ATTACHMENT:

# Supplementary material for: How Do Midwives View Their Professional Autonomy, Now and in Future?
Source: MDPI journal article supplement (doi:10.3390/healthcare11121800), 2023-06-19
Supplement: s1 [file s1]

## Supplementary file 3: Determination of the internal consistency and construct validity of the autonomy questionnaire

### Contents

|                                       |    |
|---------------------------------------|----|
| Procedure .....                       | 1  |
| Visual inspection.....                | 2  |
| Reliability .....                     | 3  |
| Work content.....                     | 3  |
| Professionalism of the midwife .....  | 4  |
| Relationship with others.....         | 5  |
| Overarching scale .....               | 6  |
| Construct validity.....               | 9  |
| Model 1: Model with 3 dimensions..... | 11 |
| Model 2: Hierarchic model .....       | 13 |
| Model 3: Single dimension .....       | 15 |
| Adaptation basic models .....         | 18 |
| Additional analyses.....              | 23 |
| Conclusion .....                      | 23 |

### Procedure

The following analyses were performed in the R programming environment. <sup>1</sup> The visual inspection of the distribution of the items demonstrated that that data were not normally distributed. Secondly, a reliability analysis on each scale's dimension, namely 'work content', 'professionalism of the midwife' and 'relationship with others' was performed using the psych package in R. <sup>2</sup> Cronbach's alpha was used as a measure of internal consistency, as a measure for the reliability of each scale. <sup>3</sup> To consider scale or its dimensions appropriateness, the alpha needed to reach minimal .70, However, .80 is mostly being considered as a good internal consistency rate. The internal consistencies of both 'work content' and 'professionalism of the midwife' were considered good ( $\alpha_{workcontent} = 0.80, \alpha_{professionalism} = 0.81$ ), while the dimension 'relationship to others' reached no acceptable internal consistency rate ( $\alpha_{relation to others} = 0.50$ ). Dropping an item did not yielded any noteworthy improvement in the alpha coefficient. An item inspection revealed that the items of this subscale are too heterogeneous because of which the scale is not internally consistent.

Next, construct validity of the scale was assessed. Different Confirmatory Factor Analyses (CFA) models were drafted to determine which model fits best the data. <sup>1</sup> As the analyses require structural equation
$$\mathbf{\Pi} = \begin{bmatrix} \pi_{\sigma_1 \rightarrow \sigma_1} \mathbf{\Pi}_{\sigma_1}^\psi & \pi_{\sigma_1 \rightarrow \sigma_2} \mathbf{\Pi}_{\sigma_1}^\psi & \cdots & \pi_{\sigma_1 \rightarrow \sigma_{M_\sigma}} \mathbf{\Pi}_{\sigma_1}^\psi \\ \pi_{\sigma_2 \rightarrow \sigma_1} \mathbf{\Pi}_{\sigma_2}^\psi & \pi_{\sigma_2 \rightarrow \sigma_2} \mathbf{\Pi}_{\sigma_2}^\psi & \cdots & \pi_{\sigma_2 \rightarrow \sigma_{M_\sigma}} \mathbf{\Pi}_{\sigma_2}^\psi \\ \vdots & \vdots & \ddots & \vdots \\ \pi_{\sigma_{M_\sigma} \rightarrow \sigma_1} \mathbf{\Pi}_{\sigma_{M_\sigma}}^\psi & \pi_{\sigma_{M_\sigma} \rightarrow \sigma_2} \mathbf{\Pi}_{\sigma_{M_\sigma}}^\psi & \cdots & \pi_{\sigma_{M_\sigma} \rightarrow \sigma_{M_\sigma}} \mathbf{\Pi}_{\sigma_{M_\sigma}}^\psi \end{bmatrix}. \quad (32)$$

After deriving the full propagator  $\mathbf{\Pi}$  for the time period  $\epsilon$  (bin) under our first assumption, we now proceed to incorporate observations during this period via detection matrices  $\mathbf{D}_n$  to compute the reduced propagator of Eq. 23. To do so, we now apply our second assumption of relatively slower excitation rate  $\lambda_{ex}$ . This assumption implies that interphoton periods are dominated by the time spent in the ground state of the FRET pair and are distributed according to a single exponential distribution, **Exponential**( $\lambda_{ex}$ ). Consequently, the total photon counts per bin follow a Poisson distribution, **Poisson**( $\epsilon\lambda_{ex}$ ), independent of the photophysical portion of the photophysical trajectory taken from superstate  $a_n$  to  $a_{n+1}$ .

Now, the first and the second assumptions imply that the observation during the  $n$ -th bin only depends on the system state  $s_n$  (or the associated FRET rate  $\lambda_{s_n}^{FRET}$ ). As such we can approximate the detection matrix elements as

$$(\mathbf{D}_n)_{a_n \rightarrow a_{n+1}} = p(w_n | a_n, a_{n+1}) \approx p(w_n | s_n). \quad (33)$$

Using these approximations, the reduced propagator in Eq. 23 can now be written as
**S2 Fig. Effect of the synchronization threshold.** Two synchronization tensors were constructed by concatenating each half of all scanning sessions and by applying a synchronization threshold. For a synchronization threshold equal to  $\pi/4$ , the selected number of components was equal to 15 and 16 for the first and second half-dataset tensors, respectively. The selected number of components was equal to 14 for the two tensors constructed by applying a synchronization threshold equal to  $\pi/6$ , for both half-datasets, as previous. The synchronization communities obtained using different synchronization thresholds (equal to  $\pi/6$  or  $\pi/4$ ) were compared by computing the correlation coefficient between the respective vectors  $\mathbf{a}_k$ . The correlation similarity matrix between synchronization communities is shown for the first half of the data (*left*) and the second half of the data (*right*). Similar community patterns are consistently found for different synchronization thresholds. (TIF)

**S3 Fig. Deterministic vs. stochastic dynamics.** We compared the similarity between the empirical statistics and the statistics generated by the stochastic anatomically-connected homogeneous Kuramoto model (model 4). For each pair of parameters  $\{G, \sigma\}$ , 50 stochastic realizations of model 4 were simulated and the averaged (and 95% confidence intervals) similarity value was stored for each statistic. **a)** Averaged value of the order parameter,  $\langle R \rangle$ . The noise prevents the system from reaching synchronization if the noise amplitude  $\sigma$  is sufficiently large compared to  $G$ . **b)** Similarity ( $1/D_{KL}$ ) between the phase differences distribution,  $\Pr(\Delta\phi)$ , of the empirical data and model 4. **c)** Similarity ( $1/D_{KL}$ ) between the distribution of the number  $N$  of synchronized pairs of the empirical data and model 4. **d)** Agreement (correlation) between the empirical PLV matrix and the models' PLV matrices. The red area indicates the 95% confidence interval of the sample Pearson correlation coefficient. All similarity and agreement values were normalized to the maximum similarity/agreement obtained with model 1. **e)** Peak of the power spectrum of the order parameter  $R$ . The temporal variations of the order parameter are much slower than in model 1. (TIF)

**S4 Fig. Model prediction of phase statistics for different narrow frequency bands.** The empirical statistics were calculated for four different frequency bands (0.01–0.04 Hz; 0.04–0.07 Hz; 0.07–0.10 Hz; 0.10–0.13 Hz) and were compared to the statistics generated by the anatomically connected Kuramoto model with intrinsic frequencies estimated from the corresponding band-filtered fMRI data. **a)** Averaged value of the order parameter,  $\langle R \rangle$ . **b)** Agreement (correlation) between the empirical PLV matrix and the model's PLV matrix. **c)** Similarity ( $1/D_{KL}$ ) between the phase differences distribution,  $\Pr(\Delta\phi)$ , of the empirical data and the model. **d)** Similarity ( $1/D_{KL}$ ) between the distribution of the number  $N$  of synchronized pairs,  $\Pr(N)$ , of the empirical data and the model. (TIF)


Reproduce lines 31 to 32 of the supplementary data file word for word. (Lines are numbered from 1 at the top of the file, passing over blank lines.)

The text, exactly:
**S3 Fig. Deterministic vs. stochastic dynamics.** We compared the similarity between the empirical statistics and the statistics generated by the stochastic anatomically-connected homogeneous Kuramoto model (model 4). For each pair of parameters  $\{G, \sigma\}$ , 50 stochastic realizations of model 4 were simulated and the averaged (and 95% confidence intervals) similarity value was stored for each statistic. **a)** Averaged value of the order parameter,  $\langle R \rangle$ . The noise prevents the system from reaching synchronization if the noise amplitude  $\sigma$  is sufficiently large compared to  $G$ . **b)** Similarity ( $1/D_{KL}$ ) between the phase differences distribution,  $\Pr(\Delta\phi)$ , of the empirical data and model 4. **c)** Similarity ( $1/D_{KL}$ ) between the distribution of the number  $N$  of synchronized pairs of the empirical data and model 4. **d)** Agreement (correlation) between the empirical PLV matrix and the models' PLV matrices. The red area indicates the 95% confidence interval of the sample Pearson correlation coefficient. All similarity and agreement values were normalized to the maximum similarity/agreement obtained with model 1. **e)** Peak of the power spectrum of the order parameter  $R$ . The temporal variations of the order parameter are much slower than in model 1. (TIF)

**S4 Fig. Model prediction of phase statistics for different narrow frequency bands.** The empirical statistics were calculated for four different frequency bands (0.01–0.04 Hz; 0.04–0.07 Hz; 0.07–0.10 Hz; 0.10–0.13 Hz) and were compared to the statistics generated by the anatomically connected Kuramoto model with intrinsic frequencies estimated from the corresponding band-filtered fMRI data. **a)** Averaged value of the order parameter,  $\langle R \rangle$ . **b)** Agreement (correlation) between the empirical PLV matrix and the model's PLV matrix. **c)** Similarity ( $1/D_{KL}$ ) between the phase differences distribution,  $\Pr(\Delta\phi)$ , of the empirical data and the model. **d)** Similarity ( $1/D_{KL}$ ) between the distribution of the number  $N$  of synchronized pairs,  $\Pr(N)$ , of the empirical data and the model. (TIF)